A “haunting, lyrical depiction” of one of East Lothian’s most iconic landmarks has taken home first prize at the inaugural Scottish Landscape Awards.

BASS ROCK was created by Edinburgh-based sculpture artists Kate Davis and David Moore and is made through the weaving of musical scores to form the image of the titular volcanic outcrop.

The piece was made from selected musical scores from Songs of the North Vol 1, a collection of 18th-century traditional folk songs gathered from the Highlands and Lowlands which describe landscape, love and death.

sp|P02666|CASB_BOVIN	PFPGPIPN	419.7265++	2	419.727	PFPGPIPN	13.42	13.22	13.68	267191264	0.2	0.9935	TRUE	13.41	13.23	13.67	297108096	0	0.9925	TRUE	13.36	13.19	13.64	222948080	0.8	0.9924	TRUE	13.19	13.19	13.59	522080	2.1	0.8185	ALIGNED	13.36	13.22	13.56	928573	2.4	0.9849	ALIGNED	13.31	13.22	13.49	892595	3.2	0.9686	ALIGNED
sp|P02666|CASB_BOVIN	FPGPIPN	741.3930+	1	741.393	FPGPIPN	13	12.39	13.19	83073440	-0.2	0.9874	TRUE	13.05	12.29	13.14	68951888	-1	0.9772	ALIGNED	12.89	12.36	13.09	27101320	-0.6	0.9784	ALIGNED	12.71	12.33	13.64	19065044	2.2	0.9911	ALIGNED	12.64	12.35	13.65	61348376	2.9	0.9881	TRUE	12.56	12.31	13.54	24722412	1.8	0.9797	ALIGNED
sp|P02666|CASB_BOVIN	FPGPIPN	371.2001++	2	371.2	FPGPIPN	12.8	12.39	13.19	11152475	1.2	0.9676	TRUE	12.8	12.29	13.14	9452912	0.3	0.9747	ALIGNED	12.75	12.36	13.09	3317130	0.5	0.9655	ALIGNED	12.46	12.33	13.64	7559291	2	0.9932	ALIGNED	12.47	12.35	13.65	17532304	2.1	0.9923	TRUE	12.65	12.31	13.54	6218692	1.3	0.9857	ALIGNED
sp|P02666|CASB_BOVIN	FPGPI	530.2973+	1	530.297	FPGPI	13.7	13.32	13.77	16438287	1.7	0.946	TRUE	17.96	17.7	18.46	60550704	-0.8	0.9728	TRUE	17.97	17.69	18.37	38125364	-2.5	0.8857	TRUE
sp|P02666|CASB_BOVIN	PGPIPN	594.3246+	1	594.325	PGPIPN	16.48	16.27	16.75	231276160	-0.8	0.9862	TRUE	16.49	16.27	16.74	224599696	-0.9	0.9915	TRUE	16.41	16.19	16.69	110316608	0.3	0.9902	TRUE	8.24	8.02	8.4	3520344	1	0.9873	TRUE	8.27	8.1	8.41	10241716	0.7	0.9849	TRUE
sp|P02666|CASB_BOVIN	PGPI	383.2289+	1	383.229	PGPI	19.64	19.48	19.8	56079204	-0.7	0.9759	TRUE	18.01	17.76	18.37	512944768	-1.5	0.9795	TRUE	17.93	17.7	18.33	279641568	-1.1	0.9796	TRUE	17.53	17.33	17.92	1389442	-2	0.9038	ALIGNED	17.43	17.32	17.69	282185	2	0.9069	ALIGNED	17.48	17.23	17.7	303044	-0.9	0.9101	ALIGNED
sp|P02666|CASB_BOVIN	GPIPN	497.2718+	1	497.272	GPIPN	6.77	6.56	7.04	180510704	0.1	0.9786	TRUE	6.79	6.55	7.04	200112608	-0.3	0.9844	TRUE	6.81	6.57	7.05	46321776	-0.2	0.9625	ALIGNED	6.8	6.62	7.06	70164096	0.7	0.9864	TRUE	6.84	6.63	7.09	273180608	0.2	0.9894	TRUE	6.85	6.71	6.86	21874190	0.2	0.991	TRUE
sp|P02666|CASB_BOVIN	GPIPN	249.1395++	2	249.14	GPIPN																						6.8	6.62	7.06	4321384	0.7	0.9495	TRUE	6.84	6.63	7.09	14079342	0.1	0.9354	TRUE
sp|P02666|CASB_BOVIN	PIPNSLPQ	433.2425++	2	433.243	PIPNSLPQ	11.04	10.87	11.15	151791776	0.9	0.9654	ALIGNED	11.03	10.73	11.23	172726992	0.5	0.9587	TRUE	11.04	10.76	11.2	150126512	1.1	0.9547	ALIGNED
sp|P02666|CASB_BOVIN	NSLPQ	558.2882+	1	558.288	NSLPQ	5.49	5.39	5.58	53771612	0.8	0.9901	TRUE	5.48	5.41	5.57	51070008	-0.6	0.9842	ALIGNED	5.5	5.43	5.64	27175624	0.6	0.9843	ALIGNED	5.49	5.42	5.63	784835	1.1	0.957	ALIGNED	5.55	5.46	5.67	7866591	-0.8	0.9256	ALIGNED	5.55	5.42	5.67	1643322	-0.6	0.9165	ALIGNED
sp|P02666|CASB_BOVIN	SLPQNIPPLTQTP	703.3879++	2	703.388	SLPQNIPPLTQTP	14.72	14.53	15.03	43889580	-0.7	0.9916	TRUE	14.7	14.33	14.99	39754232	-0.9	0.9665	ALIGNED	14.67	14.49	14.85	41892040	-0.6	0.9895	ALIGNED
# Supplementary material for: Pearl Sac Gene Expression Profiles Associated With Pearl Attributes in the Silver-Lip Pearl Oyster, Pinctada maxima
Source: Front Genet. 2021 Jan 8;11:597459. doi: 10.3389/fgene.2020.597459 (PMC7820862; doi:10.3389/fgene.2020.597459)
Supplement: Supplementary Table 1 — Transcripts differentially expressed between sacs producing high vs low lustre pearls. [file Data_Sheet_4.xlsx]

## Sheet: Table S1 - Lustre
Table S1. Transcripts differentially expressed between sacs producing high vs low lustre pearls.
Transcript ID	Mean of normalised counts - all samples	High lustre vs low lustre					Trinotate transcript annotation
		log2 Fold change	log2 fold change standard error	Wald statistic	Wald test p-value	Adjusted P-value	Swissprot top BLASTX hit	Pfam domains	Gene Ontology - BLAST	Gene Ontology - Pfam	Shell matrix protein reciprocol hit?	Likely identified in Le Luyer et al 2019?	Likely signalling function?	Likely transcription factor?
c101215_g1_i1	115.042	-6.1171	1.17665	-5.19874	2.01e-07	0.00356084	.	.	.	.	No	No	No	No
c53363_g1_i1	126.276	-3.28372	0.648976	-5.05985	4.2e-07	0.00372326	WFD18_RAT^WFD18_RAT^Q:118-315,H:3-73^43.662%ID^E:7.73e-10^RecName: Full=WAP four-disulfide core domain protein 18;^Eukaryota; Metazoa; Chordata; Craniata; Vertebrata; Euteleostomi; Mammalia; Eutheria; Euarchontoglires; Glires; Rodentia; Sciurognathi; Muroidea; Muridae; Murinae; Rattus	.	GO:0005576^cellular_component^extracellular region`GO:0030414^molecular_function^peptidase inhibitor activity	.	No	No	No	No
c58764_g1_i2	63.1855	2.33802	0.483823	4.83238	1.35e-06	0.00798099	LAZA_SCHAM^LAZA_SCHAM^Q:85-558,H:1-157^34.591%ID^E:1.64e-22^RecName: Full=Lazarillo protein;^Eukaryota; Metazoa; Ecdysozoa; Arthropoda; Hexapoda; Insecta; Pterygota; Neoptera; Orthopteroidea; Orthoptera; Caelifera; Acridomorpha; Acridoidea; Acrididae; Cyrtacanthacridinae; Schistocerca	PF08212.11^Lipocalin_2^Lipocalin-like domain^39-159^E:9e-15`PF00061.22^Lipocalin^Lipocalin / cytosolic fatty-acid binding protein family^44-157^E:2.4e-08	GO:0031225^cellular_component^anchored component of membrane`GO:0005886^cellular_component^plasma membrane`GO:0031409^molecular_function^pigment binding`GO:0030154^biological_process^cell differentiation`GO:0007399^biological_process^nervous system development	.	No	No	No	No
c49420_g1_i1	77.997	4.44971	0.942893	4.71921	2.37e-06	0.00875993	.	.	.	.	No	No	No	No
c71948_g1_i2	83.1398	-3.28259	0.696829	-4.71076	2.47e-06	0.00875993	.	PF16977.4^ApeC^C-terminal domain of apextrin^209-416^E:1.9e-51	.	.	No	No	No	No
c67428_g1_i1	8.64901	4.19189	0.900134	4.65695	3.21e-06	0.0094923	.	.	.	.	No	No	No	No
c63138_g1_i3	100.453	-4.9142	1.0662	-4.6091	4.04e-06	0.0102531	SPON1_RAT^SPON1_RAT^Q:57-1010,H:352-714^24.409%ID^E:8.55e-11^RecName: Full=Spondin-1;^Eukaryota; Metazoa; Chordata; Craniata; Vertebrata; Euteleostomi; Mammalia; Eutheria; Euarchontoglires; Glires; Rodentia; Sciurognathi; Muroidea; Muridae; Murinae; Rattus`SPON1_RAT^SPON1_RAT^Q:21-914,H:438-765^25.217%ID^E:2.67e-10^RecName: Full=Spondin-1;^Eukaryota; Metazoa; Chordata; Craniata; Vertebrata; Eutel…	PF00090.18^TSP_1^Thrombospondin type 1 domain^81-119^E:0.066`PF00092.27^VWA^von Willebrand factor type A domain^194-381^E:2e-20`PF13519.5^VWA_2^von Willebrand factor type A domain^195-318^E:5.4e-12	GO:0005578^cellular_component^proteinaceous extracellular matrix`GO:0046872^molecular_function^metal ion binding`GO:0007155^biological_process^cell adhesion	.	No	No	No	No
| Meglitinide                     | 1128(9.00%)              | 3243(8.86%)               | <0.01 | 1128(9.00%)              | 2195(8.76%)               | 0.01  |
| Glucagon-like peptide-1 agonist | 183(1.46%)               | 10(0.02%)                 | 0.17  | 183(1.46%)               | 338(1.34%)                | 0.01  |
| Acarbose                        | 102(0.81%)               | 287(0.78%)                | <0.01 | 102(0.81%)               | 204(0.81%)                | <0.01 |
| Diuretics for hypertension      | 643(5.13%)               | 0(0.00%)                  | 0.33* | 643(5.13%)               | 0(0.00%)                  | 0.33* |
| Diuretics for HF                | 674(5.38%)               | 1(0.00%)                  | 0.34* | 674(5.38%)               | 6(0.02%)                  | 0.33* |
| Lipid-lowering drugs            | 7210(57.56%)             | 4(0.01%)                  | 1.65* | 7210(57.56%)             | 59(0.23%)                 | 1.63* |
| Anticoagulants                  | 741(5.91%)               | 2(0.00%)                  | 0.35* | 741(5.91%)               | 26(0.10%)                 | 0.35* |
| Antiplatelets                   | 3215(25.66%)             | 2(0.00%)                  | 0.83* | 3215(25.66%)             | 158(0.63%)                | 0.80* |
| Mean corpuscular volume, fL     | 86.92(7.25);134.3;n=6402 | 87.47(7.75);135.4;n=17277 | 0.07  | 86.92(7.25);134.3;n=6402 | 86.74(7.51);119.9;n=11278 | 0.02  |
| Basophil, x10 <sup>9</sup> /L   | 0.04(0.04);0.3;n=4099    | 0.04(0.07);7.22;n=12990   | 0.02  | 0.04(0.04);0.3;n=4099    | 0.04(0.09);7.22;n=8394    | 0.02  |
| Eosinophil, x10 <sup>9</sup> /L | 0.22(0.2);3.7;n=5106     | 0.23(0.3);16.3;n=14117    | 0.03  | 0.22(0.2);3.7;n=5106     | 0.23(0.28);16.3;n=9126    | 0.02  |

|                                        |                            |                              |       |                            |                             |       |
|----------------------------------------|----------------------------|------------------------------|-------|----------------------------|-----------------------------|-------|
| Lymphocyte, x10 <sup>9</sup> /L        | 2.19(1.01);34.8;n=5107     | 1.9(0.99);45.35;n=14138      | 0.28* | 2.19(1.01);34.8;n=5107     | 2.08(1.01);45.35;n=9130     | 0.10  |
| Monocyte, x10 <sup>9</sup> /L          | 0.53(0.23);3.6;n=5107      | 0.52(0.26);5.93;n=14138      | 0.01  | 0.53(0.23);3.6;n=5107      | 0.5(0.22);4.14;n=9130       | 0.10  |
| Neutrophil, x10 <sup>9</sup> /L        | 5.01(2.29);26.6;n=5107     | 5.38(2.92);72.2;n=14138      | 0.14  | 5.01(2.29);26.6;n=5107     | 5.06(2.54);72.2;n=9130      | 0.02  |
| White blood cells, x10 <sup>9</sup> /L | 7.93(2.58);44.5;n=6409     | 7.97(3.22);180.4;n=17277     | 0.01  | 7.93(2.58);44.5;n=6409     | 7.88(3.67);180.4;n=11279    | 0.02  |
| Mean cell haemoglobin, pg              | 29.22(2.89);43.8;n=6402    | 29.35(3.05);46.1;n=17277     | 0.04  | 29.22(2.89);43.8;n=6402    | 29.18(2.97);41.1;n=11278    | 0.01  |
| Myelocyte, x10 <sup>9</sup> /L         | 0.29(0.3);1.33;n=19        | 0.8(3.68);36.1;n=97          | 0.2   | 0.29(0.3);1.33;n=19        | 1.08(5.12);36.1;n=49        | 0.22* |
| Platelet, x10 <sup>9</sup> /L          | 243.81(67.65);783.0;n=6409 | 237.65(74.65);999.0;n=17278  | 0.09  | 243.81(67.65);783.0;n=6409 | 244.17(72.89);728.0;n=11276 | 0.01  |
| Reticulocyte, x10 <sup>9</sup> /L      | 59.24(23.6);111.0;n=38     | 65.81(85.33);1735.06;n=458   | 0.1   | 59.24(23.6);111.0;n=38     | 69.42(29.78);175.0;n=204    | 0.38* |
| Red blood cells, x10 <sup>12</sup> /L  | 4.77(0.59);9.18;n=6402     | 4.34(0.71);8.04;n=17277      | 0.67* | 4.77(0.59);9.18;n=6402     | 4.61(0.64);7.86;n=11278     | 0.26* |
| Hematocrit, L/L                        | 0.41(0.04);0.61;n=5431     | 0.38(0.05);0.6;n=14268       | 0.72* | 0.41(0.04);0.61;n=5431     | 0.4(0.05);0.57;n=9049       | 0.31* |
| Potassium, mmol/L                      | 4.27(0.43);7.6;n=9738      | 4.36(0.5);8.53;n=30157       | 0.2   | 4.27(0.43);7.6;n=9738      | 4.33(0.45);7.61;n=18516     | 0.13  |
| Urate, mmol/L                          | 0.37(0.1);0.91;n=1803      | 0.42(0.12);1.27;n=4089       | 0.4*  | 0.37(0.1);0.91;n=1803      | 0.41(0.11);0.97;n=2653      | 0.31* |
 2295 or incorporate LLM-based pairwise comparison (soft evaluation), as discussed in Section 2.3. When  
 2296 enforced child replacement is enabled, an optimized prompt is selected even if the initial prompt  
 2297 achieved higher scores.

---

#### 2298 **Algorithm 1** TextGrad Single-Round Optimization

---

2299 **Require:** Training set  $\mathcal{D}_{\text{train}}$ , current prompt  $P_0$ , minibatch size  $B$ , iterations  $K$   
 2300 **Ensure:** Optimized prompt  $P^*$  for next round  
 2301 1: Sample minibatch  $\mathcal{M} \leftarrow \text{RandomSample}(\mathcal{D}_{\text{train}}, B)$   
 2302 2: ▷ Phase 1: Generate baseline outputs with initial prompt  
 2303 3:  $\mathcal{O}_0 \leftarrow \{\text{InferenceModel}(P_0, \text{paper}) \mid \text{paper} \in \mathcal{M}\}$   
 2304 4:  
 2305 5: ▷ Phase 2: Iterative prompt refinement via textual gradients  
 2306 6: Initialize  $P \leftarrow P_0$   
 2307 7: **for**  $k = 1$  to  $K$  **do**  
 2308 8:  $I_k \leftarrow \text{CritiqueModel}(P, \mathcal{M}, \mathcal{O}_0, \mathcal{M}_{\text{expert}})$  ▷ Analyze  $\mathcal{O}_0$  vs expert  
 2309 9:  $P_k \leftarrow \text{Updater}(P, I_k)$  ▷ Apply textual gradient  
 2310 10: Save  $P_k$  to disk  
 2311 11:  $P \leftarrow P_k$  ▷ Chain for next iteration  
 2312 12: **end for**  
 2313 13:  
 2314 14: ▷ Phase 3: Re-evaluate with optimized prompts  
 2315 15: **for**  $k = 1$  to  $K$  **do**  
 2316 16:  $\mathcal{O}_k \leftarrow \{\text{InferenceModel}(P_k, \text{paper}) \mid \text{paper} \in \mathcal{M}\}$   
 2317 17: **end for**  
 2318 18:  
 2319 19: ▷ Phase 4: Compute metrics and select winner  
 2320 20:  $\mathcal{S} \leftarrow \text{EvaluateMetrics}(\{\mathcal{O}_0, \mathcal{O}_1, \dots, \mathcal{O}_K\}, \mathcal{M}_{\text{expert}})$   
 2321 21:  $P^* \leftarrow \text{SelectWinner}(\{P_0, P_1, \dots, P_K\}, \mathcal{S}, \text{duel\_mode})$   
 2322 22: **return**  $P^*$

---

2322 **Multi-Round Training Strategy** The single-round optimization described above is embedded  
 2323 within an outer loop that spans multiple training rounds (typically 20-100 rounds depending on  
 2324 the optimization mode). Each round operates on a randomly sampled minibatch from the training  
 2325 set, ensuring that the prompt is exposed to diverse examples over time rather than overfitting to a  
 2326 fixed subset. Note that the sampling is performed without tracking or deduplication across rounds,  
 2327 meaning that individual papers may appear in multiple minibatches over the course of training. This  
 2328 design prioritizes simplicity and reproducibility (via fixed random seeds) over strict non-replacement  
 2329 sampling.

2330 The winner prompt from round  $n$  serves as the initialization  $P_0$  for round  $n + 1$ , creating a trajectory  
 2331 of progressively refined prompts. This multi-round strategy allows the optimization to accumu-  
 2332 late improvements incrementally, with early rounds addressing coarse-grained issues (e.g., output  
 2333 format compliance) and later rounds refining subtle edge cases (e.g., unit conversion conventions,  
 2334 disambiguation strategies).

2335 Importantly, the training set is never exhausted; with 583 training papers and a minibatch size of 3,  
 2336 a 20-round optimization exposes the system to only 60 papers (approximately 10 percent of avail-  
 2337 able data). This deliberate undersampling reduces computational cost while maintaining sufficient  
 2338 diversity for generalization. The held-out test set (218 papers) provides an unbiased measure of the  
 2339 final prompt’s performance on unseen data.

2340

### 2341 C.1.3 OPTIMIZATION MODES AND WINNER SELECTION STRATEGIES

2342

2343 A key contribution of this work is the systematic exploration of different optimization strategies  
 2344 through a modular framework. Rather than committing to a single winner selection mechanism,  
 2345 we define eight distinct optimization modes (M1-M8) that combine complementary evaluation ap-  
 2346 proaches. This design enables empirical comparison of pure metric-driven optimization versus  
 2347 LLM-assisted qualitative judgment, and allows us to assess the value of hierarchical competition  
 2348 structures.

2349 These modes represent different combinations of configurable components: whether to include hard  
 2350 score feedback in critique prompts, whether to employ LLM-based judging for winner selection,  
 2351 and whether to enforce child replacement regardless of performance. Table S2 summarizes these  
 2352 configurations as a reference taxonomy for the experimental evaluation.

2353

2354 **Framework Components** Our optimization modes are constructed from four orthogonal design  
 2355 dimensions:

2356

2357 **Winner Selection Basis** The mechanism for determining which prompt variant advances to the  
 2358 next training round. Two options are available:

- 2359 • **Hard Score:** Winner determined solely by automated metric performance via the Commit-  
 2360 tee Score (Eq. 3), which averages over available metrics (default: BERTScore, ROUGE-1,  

The judges’ decision was unanimous due to the “extraordinary” way the collaborative duo “literally composed the piece”.

Along with the honour of winning the inaugural competition, the pair will also receive a £10,000 prize.

The piece, along with the other prizewinners’ art, is now on display at The Scottish Landscape Awards exhibition at City Art Centre in Edinburgh until March 3.

The winning piece is one of 133 artworks selected from 2,800 entries currently on display, spanning two floors of the centre – including five other East Lothian artists: Julie Barnes from Aberlady with The Orphan Tree; Georgina Bown from North Berwick with Creatures of the Clyde; Rosemary Everett from Gifford with Burnt Lammermuir; Kate Sloan from Belhaven with Storm Arwen, John Muir Country Park; and Chris Wallbank from Haddington with Fowlsheugh Loomery.